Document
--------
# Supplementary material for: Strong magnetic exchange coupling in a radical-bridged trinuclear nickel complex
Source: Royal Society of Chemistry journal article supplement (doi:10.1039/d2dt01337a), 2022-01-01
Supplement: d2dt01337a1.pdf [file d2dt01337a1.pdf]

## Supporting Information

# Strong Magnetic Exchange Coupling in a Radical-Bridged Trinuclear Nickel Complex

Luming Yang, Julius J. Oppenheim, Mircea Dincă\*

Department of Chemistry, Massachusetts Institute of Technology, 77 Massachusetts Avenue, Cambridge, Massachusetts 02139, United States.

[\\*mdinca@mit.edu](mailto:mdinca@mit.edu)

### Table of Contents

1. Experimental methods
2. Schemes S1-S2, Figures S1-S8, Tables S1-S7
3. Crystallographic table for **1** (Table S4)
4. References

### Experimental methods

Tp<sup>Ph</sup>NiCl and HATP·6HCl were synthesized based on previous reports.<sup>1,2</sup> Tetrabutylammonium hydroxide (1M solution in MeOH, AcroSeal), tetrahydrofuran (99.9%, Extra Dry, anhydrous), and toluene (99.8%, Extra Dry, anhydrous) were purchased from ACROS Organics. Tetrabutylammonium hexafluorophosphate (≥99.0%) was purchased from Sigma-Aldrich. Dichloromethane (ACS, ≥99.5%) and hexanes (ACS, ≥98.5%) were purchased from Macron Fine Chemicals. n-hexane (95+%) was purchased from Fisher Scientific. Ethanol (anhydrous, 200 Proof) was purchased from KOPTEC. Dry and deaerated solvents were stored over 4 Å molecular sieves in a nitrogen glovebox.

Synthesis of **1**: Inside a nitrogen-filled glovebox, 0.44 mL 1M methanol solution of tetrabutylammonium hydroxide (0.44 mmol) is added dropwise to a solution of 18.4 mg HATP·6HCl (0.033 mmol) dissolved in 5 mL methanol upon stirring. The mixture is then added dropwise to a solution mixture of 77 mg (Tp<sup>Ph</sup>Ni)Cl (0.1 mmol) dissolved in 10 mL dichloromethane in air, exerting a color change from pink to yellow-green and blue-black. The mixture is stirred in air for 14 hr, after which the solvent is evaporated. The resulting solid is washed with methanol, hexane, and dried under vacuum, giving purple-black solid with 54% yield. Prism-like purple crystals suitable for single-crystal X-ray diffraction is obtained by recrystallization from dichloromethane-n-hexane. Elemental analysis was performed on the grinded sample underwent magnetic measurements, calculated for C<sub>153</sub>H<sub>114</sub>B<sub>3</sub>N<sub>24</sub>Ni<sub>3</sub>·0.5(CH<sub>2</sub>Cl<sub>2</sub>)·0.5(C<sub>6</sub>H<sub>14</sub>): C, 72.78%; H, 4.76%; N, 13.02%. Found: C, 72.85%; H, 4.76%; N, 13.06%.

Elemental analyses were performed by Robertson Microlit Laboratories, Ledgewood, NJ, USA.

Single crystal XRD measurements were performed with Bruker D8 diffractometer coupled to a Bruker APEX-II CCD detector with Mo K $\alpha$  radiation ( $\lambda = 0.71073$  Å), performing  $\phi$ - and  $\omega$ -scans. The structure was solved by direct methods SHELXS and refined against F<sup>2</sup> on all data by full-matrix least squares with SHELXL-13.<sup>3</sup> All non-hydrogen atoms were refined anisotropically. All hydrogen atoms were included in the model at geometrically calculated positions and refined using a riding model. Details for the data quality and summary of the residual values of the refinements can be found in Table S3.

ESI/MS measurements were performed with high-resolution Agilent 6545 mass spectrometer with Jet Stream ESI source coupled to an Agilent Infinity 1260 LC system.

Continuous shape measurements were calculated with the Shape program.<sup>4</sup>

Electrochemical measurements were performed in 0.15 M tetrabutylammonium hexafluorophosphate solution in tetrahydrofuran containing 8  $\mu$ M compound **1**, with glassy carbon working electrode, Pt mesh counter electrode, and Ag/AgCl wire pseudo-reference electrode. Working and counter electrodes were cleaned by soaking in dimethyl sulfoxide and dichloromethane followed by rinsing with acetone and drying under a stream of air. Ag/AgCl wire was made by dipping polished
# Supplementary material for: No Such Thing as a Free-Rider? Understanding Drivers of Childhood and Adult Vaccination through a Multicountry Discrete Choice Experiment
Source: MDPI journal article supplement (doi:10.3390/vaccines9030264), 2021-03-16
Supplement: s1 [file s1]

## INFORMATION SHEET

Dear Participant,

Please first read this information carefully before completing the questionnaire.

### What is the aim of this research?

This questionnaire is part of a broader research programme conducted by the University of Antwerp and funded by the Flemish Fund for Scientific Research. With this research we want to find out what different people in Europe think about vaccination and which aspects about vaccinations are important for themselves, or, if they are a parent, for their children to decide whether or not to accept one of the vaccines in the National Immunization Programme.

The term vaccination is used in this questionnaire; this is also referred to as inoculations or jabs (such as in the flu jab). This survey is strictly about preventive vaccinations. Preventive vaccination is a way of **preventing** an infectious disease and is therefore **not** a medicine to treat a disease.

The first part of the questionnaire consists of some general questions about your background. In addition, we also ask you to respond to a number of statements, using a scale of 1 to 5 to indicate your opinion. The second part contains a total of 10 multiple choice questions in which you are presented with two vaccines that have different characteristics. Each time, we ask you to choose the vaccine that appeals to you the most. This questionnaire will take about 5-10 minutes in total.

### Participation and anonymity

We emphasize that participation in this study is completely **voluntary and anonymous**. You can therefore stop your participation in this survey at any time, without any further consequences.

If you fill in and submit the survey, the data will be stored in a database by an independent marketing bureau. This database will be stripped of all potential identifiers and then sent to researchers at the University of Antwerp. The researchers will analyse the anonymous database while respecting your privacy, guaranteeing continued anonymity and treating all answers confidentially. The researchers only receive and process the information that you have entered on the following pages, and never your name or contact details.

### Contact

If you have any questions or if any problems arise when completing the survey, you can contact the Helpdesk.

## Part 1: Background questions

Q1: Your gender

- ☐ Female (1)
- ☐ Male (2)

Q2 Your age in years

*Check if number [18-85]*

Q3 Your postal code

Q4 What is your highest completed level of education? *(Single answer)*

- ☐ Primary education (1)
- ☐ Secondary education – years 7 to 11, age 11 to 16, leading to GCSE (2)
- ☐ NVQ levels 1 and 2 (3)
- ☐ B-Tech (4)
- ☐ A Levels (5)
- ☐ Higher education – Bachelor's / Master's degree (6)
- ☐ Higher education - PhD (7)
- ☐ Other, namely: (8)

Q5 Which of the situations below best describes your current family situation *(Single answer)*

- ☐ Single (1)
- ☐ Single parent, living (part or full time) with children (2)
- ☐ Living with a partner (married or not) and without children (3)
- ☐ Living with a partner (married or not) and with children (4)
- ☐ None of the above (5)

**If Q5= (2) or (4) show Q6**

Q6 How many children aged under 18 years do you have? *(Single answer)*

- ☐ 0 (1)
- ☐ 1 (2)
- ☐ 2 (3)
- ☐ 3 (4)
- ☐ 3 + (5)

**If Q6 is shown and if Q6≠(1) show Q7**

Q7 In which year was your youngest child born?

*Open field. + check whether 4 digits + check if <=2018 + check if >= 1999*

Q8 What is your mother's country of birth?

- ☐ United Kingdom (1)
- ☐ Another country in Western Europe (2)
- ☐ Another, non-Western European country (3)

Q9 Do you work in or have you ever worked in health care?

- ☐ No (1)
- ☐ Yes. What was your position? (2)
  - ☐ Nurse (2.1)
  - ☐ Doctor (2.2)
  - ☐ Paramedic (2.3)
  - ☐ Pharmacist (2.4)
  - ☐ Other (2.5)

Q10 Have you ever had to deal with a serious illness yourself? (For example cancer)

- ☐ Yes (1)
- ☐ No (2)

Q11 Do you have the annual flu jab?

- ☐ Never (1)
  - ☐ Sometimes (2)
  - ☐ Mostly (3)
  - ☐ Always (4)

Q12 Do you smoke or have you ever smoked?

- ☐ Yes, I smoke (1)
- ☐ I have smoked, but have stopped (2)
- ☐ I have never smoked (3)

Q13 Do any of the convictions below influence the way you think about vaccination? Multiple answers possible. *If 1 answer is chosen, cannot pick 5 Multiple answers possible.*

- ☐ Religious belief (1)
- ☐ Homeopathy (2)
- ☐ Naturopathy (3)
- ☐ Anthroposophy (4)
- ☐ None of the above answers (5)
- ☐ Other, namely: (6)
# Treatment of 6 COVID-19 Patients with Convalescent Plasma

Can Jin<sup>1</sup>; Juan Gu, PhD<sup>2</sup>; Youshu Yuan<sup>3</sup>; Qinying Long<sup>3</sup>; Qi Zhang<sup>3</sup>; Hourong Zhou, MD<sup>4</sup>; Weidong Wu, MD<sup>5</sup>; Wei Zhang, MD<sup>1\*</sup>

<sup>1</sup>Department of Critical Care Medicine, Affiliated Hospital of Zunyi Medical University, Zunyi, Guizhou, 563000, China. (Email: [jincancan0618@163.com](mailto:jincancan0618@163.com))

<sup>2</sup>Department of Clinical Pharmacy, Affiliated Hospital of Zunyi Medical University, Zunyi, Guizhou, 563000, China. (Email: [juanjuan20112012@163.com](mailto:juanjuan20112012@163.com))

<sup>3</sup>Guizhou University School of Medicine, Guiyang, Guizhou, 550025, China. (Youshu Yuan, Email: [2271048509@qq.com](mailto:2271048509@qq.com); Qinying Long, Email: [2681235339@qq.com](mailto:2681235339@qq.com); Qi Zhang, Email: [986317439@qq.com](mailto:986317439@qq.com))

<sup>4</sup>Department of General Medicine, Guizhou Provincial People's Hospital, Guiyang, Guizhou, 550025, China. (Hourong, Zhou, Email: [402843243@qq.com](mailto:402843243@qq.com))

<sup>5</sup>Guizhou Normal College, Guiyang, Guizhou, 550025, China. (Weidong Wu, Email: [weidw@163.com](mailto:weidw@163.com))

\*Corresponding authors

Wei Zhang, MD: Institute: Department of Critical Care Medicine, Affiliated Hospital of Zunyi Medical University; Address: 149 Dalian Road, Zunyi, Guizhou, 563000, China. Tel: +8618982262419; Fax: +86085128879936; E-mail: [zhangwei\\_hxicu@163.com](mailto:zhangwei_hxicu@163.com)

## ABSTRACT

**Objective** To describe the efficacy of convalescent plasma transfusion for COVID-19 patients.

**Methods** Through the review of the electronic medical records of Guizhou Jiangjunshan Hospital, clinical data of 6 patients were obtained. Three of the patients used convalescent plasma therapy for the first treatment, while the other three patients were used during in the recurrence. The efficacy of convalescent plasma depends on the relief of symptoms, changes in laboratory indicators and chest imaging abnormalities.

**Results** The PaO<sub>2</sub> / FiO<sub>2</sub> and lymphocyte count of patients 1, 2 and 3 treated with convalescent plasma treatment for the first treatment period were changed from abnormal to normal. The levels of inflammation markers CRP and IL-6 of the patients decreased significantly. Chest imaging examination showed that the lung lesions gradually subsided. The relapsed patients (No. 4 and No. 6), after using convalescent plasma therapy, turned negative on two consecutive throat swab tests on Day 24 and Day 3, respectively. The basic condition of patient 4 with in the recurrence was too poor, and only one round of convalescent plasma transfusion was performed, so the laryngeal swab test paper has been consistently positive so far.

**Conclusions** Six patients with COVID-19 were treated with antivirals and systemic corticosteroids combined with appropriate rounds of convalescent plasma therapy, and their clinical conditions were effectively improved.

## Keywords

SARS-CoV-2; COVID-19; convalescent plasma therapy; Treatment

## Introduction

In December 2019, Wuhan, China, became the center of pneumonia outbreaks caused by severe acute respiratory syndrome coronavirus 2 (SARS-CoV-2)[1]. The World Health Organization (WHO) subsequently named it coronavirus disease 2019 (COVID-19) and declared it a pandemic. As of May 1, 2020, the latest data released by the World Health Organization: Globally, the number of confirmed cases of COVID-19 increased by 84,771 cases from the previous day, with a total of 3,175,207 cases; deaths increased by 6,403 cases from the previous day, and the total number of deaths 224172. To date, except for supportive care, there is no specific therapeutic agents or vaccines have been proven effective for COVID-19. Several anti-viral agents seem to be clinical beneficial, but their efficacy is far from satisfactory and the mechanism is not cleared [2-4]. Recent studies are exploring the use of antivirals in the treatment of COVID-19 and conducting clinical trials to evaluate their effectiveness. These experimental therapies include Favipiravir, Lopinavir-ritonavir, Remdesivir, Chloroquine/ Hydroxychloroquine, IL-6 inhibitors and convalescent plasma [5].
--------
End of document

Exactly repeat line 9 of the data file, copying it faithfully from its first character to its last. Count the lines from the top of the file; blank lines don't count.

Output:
### Table of Contents